Communicating with a Child That Does Not Speak, through Photography

Aidan in plane with Tim

Fifteen years ago, new mom Jen Vogus – now a parishioner at Holy Family Church in Brentwood – became concerned about her five-week-old son. “Aidan was a full-term baby,” said Vogus. “I had a normal birth. But shortly after he was born – Mother’s Day, 2002 – I was breastfeeding him and he started doing this eye twitch and lip pucker thing. It was odd, and I had never seen it before.”

The family’s pediatrician confirmed that Aidan was having seizures. “It was devastating,” recalled Vogus. “And neither of us – Tim (Jen’s husband) nor I – were familiar with anything to do with seizures.”

Like footprints washed away

It would be a quick and extensive education. But learning what was causing Aidan to have seizures would take years to discover and significant advances in diagnostic technology. The missing piece was that Aidan’s seizures were due to a novel chromosomal deletion, called STXBP1.

Initially, Aidan was treated with phenobarbital, which appeared to arrest the seizure activity for about a year. Then it came to light that Aidan had been having seizures in his sleep, and most likely for quite some time. These nighttime attacks greatly affected his sleep schedule; he’d be up at night and exhausted during the day, which was trying on the whole family. “Not being able to help your child, that was the hardest thing,” Vogus said. “You feel like there’s nothing you can do, and you just have to wait it out.”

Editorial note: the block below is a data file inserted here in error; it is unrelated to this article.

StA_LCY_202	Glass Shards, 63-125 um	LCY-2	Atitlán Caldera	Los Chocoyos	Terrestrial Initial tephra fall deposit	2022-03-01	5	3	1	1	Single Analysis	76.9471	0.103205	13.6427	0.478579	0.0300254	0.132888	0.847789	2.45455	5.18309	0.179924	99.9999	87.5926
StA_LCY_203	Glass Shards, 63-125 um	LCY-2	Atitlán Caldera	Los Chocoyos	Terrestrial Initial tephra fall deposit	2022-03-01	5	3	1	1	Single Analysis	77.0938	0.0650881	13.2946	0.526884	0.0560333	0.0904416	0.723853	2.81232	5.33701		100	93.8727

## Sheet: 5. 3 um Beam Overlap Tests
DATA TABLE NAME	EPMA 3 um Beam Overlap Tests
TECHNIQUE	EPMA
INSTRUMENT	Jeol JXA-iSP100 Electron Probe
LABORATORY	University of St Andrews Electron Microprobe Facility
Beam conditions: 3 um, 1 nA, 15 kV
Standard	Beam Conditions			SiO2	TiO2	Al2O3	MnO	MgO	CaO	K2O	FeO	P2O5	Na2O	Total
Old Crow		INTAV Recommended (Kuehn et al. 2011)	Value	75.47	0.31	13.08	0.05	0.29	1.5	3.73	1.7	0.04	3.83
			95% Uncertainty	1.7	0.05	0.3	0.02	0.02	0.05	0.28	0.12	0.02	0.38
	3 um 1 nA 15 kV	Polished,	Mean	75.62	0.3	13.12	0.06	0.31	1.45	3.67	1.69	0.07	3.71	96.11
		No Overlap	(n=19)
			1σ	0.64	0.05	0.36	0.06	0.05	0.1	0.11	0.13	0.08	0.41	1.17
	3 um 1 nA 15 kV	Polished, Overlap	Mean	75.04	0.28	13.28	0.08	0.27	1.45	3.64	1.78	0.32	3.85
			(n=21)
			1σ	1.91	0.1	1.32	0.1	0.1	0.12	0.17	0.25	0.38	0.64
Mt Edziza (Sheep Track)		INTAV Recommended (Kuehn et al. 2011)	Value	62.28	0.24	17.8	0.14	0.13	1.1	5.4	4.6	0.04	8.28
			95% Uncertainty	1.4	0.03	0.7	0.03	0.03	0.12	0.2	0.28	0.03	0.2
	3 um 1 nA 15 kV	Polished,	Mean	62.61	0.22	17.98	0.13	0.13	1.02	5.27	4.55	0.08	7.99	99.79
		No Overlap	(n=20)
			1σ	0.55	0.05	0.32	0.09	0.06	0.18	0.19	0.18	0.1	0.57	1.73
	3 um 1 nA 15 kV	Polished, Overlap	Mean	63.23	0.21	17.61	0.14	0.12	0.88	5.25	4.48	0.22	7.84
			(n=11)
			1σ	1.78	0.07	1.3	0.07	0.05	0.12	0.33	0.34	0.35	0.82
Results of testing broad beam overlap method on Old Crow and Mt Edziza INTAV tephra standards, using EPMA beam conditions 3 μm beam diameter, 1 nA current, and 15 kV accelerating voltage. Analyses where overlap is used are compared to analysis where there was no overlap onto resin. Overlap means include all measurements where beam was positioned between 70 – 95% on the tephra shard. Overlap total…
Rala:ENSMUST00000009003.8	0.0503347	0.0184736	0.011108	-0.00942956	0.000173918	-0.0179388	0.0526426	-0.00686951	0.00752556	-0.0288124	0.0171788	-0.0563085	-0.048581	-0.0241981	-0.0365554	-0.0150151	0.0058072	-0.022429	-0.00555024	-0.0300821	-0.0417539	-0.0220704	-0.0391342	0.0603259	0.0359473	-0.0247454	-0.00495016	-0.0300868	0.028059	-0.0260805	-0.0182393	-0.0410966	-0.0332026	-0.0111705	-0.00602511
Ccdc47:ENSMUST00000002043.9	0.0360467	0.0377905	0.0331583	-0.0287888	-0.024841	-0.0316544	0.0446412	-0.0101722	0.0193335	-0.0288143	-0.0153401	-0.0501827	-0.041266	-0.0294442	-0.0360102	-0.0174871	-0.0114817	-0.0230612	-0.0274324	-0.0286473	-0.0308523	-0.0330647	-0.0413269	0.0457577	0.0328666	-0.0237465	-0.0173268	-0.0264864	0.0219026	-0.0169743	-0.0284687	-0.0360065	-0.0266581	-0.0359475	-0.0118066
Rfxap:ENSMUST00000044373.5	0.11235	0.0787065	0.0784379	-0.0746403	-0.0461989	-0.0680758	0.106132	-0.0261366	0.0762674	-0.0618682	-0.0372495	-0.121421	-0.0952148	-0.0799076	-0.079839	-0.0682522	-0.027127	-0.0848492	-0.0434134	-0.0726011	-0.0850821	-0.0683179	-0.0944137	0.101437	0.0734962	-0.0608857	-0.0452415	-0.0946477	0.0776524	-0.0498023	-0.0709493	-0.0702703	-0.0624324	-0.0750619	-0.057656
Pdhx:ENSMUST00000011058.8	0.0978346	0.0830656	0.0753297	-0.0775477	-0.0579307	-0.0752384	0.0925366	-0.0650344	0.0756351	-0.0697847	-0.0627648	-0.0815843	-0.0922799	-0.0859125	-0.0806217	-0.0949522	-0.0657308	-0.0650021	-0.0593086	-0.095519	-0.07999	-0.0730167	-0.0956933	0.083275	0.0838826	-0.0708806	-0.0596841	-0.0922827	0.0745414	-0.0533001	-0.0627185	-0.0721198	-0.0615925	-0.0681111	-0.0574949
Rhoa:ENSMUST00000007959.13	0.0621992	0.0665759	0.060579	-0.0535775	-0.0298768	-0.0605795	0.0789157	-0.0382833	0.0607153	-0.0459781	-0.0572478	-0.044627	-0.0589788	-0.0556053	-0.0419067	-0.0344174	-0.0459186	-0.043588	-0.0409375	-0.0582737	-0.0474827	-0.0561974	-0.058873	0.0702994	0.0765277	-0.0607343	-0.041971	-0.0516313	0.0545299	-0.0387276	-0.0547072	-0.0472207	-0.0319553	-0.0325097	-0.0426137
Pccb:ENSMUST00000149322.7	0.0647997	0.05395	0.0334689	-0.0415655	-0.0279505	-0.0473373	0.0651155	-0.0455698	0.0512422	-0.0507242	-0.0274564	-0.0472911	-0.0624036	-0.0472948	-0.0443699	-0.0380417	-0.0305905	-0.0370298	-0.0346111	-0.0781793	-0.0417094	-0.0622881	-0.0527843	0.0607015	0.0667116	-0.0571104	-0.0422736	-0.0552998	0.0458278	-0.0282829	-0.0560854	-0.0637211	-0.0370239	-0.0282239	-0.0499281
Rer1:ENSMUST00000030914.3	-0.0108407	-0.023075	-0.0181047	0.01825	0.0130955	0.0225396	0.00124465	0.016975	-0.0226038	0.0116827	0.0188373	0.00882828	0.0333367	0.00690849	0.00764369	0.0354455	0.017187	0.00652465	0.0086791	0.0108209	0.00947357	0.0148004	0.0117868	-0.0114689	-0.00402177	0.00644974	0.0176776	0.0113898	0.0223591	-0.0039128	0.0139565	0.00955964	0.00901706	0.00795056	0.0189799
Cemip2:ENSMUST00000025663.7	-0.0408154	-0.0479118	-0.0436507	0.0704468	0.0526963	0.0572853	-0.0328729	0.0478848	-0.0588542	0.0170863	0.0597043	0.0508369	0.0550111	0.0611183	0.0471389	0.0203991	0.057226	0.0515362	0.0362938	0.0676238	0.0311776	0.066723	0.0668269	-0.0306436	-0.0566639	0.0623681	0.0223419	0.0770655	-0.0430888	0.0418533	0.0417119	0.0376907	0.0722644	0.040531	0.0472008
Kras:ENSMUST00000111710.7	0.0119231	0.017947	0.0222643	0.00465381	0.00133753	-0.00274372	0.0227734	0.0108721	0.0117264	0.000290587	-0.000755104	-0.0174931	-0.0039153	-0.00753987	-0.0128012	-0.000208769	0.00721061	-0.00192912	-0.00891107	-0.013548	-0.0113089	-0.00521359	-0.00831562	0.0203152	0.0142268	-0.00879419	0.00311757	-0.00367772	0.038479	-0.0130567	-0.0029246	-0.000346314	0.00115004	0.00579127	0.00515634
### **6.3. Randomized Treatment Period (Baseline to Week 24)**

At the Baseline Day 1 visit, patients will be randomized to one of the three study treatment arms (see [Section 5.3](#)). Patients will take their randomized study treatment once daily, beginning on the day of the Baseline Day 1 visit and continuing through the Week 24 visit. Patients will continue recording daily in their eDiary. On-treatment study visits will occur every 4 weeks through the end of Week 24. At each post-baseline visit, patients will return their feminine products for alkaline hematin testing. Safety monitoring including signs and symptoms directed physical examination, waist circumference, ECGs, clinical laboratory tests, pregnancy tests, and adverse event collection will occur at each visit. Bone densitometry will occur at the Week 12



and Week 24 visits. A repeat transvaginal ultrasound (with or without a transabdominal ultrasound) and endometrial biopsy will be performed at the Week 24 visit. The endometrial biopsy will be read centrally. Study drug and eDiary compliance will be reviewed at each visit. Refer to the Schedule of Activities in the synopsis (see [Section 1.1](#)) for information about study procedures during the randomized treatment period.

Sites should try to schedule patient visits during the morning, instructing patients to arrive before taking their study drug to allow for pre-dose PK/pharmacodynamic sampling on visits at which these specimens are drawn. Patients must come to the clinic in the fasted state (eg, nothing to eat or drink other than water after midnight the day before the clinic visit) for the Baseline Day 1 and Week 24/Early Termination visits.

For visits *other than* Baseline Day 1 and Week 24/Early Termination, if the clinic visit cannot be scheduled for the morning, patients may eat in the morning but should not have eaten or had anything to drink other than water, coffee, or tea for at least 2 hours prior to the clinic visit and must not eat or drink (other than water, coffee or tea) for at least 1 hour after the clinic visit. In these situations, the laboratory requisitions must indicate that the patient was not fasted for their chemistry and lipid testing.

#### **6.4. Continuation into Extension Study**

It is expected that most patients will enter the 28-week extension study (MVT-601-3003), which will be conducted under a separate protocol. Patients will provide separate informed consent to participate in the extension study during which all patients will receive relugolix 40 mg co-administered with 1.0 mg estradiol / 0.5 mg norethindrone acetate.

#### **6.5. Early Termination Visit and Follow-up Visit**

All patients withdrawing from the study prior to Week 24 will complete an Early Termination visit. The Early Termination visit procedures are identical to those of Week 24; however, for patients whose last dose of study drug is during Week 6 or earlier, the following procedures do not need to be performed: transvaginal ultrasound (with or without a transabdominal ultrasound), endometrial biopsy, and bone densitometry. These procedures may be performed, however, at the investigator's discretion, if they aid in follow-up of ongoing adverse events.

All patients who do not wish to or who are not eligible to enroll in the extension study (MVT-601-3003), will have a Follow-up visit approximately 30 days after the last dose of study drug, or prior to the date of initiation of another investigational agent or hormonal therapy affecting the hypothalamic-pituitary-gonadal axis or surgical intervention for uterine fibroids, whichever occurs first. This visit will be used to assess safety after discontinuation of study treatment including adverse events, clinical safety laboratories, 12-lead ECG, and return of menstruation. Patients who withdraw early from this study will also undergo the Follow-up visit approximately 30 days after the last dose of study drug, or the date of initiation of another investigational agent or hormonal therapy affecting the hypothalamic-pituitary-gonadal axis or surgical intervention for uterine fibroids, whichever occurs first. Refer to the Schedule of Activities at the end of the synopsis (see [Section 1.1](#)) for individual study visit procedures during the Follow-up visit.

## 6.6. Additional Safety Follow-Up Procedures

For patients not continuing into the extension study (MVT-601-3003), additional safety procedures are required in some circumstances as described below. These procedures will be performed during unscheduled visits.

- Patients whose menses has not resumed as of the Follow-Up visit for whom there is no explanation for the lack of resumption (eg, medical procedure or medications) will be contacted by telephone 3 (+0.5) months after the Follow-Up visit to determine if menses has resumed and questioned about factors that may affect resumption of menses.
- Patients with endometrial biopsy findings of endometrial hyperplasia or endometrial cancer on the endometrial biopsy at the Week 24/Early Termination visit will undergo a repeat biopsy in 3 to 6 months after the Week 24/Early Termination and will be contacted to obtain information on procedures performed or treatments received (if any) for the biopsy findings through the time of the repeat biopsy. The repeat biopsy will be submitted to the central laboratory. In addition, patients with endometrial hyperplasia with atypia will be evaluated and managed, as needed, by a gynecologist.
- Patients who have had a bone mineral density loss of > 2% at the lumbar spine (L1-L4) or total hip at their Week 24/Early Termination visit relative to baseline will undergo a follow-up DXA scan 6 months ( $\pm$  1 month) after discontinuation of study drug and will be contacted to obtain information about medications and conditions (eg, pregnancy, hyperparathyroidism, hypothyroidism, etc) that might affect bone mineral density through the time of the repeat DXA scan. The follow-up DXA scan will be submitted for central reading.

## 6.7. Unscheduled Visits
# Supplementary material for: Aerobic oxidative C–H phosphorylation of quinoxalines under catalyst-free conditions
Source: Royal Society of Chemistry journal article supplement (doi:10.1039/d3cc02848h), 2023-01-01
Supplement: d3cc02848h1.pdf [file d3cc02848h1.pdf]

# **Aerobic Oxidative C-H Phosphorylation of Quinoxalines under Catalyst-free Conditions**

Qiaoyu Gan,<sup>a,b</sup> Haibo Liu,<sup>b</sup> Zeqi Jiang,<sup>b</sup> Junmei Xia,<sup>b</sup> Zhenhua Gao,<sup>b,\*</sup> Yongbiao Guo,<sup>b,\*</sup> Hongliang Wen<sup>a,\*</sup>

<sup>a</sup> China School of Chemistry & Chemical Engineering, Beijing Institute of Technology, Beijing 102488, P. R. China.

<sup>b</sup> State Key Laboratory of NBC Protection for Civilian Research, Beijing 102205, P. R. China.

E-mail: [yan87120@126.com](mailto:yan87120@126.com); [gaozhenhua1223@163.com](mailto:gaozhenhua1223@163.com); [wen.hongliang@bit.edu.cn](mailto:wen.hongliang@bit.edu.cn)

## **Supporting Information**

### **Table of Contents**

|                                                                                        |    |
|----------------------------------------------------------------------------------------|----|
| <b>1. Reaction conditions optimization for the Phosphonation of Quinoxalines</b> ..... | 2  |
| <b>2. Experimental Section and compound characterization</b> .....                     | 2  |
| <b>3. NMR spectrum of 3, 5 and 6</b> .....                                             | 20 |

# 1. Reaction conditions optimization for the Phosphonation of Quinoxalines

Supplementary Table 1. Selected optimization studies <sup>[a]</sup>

The seizures would continue, unabated, throughout Aidan’s young life, every day, multiple times a day. That constant invasive activity would take its toll on Aidan’s physical, neurological and cognitive development. “A doctor once explained it this way: seizures are like footprints in the sand,” said Vogus. “During the day you make all these footprints and you learn all this new stuff and then the tide comes in – the seizure comes in – and just washes it away.”

The older Aidan got, the more delayed he became compared to typically-developing peers. He consistently missed milestones, like crawling, walking, and especially talking. To this day, Aidan is almost completely non-verbal, primarily due to his physical challenges. Vogus is convinced her son has a lot to say, because his receptive language is much better than his expressive. He simply isn’t able to put together the fine motor movements to create speech.